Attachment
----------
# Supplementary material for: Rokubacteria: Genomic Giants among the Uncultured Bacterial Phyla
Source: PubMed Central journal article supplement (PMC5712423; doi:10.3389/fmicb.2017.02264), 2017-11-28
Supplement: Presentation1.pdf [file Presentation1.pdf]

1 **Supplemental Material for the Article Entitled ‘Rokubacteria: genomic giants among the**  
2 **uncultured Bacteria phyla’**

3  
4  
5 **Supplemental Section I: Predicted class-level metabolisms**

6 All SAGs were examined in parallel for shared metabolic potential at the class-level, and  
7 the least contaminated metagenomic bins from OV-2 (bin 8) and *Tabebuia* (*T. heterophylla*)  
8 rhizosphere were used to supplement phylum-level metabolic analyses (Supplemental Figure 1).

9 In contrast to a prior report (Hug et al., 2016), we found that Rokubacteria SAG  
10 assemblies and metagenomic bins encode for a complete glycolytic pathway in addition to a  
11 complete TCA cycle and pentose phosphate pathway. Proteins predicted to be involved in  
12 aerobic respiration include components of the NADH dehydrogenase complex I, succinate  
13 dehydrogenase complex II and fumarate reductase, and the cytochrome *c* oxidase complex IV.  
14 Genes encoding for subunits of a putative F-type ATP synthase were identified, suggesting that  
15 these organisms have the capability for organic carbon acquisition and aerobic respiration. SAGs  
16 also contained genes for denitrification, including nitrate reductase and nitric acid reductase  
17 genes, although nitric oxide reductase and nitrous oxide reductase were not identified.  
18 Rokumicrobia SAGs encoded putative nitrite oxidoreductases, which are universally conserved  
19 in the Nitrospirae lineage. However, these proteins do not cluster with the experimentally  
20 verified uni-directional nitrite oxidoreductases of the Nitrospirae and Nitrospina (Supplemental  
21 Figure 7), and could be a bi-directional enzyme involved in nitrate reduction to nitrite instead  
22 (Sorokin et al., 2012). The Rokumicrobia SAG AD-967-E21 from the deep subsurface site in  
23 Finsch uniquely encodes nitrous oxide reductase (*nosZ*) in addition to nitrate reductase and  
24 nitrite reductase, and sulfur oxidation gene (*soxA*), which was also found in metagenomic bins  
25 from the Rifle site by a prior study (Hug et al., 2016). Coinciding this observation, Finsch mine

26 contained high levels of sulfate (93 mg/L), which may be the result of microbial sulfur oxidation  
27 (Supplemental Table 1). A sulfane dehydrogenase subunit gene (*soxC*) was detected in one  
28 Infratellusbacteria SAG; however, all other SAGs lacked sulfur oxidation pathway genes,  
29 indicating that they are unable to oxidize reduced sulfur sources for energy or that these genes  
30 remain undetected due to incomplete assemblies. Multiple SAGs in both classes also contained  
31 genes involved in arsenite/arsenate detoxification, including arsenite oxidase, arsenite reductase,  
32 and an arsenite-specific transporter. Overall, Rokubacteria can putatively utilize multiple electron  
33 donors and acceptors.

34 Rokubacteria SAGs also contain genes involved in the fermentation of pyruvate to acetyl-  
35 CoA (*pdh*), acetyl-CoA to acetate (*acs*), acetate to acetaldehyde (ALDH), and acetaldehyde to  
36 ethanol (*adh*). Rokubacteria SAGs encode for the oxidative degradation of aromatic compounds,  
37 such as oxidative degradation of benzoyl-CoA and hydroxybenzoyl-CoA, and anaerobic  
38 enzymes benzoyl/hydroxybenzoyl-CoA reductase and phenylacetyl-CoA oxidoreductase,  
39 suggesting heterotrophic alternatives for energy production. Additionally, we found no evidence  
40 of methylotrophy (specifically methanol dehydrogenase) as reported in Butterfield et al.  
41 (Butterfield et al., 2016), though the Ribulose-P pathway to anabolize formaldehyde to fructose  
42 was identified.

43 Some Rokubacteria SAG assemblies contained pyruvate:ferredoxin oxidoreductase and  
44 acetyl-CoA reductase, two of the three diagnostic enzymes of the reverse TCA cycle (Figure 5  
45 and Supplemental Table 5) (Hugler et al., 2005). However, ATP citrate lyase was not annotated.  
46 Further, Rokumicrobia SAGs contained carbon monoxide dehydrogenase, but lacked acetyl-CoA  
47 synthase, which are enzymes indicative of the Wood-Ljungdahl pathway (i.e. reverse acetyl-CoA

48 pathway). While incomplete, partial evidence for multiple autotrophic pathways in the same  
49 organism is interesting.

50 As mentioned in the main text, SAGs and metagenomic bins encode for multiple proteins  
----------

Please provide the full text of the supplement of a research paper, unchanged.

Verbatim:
# Supplementary material for: Rokubacteria: Genomic Giants among the Uncultured Bacterial Phyla
Source: PubMed Central journal article supplement (PMC5712423; doi:10.3389/fmicb.2017.02264), 2017-11-28
Supplement: Presentation1.pdf [file Presentation1.pdf]

1 **Supplemental Material for the Article Entitled ‘Rokubacteria: genomic giants among the**  
2 **uncultured Bacteria phyla’**

3  
4  
5 **Supplemental Section I: Predicted class-level metabolisms**

6 All SAGs were examined in parallel for shared metabolic potential at the class-level, and  
7 the least contaminated metagenomic bins from OV-2 (bin 8) and *Tabebuia* (*T. heterophylla*)  
8 rhizosphere were used to supplement phylum-level metabolic analyses (Supplemental Figure 1).

9 In contrast to a prior report (Hug et al., 2016), we found that Rokubacteria SAG  
10 assemblies and metagenomic bins encode for a complete glycolytic pathway in addition to a  
11 complete TCA cycle and pentose phosphate pathway. Proteins predicted to be involved in  
12 aerobic respiration include components of the NADH dehydrogenase complex I, succinate  
13 dehydrogenase complex II and fumarate reductase, and the cytochrome *c* oxidase complex IV.  
14 Genes encoding for subunits of a putative F-type ATP synthase were identified, suggesting that  
15 these organisms have the capability for organic carbon acquisition and aerobic respiration. SAGs  
16 also contained genes for denitrification, including nitrate reductase and nitric acid reductase  
17 genes, although nitric oxide reductase and nitrous oxide reductase were not identified.  
18 Rokumicrobia SAGs encoded putative nitrite oxidoreductases, which are universally conserved  
19 in the Nitrospirae lineage. However, these proteins do not cluster with the experimentally  
20 verified uni-directional nitrite oxidoreductases of the Nitrospirae and Nitrospina (Supplemental  
21 Figure 7), and could be a bi-directional enzyme involved in nitrate reduction to nitrite instead  
22 (Sorokin et al., 2012). The Rokumicrobia SAG AD-967-E21 from the deep subsurface site in  
23 Finsch uniquely encodes nitrous oxide reductase (*nosZ*) in addition to nitrate reductase and  
24 nitrite reductase, and sulfur oxidation gene (*soxA*), which was also found in metagenomic bins  
25 from the Rifle site by a prior study (Hug et al., 2016). Coinciding this observation, Finsch mine

26 contained high levels of sulfate (93 mg/L), which may be the result of microbial sulfur oxidation  
27 (Supplemental Table 1). A sulfane dehydrogenase subunit gene (*soxC*) was detected in one  
28 Infratellusbacteria SAG; however, all other SAGs lacked sulfur oxidation pathway genes,  
29 indicating that they are unable to oxidize reduced sulfur sources for energy or that these genes  
30 remain undetected due to incomplete assemblies. Multiple SAGs in both classes also contained  
31 genes involved in arsenite/arsenate detoxification, including arsenite oxidase, arsenite reductase,  
32 and an arsenite-specific transporter. Overall, Rokubacteria can putatively utilize multiple electron  
33 donors and acceptors.

34 Rokubacteria SAGs also contain genes involved in the fermentation of pyruvate to acetyl-  
35 CoA (*pdh*), acetyl-CoA to acetate (*acs*), acetate to acetaldehyde (ALDH), and acetaldehyde to  
36 ethanol (*adh*). Rokubacteria SAGs encode for the oxidative degradation of aromatic compounds,  
37 such as oxidative degradation of benzoyl-CoA and hydroxybenzoyl-CoA, and anaerobic  
38 enzymes benzoyl/hydroxybenzoyl-CoA reductase and phenylacetyl-CoA oxidoreductase,  
39 suggesting heterotrophic alternatives for energy production. Additionally, we found no evidence  
40 of methylotrophy (specifically methanol dehydrogenase) as reported in Butterfield et al.  
41 (Butterfield et al., 2016), though the Ribulose-P pathway to anabolize formaldehyde to fructose  
42 was identified.

43 Some Rokubacteria SAG assemblies contained pyruvate:ferredoxin oxidoreductase and  
44 acetyl-CoA reductase, two of the three diagnostic enzymes of the reverse TCA cycle (Figure 5  
45 and Supplemental Table 5) (Hugler et al., 2005). However, ATP citrate lyase was not annotated.  
46 Further, Rokumicrobia SAGs contained carbon monoxide dehydrogenase, but lacked acetyl-CoA  
47 synthase, which are enzymes indicative of the Wood-Ljungdahl pathway (i.e. reverse acetyl-CoA

48 pathway). While incomplete, partial evidence for multiple autotrophic pathways in the same  
49 organism is interesting.

50 As mentioned in the main text, SAGs and metagenomic bins encode for multiple proteins  